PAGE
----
Published on: 22 Oct 2020

Back to school: Identifying the emotional needs of pupils as they return to school

A holistic approach involving all those who know the pupil well, including the pupil voice, must be taken to gather assessment information at all stages in order to gain a reliable picture of strengths and areas for development.

By Becky Hadley and Nicky Martin

North Star Inclusion Advisory Team places the needs of children, young people and their families at its heart. We believe that all children and young people deserve every opportunity to become the best that they can be. We offer a varied menu of support – from school-based visits to identify strategies to support individual learners, through to whole-school development projects.

Information gathering and the pupil voice

As educational professionals returning to school from the recent pandemic, we had concerns about how we could identify and meet the social and emotional mental health needs of our pupils. While not in school, everyone had a different experience which will have impacted them in a multitude of ways. Some of these were immediately evident to us as professionals on their return to school but we knew that others, such as emotional and mental health issues, may be less obvious or hidden. Many teacher and pupil relationships are new, and despite every best effort to support transition, it may be difficult for staff to pick up on discrete changes/signals that all is not well. Furthermore, as a result of lockdown and an extended period out of education, the needs profile of some of our more vulnerable pupils may have changed. Where this is the case, it will be necessary for the emphasis of support to be temporarily shifted to a different primary area of need.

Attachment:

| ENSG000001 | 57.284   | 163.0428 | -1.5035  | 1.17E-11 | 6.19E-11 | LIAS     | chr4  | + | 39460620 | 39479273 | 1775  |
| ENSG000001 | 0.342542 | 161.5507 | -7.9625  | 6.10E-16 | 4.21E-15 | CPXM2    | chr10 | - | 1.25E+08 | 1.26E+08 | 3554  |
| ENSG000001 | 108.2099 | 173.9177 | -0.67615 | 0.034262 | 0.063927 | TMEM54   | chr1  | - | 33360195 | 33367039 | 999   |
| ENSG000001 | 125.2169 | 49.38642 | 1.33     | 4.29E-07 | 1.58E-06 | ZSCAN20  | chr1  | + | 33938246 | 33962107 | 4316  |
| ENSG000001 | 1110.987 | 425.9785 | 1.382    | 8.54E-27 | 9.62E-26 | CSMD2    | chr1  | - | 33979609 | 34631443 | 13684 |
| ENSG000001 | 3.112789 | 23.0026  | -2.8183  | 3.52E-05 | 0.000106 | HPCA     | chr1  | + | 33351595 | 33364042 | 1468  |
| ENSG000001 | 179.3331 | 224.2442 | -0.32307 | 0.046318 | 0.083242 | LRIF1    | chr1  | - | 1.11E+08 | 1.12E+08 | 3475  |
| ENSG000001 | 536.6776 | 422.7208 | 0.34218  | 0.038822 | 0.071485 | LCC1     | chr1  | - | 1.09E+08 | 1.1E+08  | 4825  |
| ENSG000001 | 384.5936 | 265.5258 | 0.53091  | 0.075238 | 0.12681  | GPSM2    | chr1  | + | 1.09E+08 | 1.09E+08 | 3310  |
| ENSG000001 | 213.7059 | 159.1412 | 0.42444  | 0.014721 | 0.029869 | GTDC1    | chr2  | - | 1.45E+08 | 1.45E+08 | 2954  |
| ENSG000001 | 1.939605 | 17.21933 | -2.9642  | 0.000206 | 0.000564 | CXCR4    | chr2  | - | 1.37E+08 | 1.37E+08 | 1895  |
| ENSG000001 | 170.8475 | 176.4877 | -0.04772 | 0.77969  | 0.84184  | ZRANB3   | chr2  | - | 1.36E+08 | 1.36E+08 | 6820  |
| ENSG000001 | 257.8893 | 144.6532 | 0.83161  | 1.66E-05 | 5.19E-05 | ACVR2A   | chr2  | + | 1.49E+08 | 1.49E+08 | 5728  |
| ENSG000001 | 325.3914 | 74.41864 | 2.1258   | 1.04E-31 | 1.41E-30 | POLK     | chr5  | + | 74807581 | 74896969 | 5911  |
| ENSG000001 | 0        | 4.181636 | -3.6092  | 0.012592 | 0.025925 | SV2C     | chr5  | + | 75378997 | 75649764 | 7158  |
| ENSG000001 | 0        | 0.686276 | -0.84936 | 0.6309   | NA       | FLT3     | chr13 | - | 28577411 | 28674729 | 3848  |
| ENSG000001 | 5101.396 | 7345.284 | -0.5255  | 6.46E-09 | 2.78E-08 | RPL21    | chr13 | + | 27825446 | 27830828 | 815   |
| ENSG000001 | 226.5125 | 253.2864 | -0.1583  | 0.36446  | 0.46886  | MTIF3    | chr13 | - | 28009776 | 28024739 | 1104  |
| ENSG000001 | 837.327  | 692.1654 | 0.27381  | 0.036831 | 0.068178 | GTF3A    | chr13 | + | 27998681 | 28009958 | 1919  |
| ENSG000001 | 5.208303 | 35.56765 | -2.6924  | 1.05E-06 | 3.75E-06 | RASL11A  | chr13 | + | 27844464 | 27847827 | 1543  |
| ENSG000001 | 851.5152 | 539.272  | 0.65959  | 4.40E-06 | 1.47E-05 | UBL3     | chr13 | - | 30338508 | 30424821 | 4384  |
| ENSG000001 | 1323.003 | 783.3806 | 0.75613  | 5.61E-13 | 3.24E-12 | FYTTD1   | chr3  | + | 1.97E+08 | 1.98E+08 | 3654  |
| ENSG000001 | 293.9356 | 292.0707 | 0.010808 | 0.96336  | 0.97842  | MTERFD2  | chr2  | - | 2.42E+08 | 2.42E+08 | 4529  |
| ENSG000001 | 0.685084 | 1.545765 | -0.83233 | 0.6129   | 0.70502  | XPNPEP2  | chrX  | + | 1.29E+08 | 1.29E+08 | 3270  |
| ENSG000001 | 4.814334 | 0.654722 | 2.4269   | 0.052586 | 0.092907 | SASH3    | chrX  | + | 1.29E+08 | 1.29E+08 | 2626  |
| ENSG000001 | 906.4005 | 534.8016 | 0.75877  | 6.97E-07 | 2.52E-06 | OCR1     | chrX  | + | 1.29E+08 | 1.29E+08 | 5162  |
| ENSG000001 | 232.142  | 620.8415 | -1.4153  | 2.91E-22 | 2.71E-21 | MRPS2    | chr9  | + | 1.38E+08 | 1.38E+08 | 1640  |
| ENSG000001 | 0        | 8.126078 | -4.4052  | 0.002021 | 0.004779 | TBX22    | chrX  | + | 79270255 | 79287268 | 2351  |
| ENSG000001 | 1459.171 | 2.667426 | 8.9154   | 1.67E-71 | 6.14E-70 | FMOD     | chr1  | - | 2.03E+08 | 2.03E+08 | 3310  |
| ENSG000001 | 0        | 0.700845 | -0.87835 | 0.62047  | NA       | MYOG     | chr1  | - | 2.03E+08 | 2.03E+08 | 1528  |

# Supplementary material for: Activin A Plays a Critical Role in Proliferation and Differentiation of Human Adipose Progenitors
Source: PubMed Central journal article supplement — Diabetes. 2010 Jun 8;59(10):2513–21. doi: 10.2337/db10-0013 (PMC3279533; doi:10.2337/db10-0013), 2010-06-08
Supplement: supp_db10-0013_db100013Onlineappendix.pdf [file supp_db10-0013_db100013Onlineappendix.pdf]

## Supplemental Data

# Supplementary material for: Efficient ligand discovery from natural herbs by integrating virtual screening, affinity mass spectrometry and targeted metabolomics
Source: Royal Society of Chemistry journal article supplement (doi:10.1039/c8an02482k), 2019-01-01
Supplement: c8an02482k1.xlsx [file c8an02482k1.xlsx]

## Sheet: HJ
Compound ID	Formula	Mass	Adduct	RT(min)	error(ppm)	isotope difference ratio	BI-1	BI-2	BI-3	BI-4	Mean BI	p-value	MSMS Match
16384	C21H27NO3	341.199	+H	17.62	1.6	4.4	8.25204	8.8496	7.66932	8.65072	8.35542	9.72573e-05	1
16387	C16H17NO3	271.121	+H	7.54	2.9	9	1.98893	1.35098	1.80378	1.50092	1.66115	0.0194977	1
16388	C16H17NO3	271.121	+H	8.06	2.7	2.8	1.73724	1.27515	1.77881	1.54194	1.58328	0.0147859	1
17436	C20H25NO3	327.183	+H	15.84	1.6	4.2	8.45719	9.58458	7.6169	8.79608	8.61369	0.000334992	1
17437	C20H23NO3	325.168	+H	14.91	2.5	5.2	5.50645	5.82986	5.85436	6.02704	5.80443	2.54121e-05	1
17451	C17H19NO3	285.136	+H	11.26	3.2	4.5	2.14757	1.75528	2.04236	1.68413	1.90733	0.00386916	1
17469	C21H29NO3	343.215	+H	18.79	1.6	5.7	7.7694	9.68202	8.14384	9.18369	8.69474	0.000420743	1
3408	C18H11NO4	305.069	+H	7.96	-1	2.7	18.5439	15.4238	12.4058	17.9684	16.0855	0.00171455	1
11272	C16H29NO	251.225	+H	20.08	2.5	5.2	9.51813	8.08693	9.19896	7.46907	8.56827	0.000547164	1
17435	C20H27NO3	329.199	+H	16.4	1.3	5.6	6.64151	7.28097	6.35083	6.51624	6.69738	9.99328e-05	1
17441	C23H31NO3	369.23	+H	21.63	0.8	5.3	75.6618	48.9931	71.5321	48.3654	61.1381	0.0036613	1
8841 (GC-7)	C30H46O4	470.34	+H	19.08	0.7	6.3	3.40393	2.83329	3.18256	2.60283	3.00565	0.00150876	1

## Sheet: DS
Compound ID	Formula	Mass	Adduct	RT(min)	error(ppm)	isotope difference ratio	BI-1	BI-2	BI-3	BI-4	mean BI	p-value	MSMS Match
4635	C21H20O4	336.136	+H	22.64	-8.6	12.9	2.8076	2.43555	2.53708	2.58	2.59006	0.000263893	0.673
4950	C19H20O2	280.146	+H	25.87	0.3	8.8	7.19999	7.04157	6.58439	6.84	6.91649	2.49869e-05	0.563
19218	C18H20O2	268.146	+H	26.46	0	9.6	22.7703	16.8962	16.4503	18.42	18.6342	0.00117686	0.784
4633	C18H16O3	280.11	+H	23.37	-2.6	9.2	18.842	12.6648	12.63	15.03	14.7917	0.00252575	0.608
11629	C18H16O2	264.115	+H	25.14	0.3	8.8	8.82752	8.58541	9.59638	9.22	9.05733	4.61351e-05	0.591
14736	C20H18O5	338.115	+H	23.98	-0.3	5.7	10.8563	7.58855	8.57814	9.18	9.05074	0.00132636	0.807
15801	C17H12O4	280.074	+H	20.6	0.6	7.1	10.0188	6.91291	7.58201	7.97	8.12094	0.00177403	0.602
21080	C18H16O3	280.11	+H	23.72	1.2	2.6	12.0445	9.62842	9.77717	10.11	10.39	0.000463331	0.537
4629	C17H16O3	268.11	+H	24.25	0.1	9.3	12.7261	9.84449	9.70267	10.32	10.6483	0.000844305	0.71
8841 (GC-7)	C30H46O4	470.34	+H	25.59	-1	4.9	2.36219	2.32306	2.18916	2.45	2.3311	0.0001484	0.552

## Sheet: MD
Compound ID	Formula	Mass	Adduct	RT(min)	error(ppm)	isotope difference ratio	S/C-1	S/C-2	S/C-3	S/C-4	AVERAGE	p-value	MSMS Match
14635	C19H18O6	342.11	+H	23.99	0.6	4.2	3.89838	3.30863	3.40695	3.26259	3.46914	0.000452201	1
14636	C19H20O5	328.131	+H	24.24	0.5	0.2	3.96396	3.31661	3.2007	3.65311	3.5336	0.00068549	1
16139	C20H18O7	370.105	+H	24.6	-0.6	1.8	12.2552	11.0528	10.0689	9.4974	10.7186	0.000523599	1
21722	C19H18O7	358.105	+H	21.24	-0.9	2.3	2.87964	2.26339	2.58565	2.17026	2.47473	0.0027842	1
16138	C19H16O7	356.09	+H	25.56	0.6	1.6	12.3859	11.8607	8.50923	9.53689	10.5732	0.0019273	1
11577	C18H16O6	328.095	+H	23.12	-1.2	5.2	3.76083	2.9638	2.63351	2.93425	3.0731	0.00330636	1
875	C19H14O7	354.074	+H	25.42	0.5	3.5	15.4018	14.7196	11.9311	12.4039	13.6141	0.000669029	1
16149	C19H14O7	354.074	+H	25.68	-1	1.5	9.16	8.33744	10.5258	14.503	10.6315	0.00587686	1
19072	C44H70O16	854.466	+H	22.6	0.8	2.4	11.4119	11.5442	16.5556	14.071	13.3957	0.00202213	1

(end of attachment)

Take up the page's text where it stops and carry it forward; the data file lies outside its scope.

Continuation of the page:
With these challenges in mind, the reality remains that SENCOs and teachers need to measure academic attainment, progress, and the impact of SEMH interventions. As a team we are being consistently asked the same question – what is the best way to identify and measure impact of intervention around the emotional needs of pupils as they return to school post-lockdown? As an external agency, the approach we take in answering this question comes from our wealth of experience across a range of settings and age groups, as well as the requirement to evidence the impact we have on individual pupil outcomes.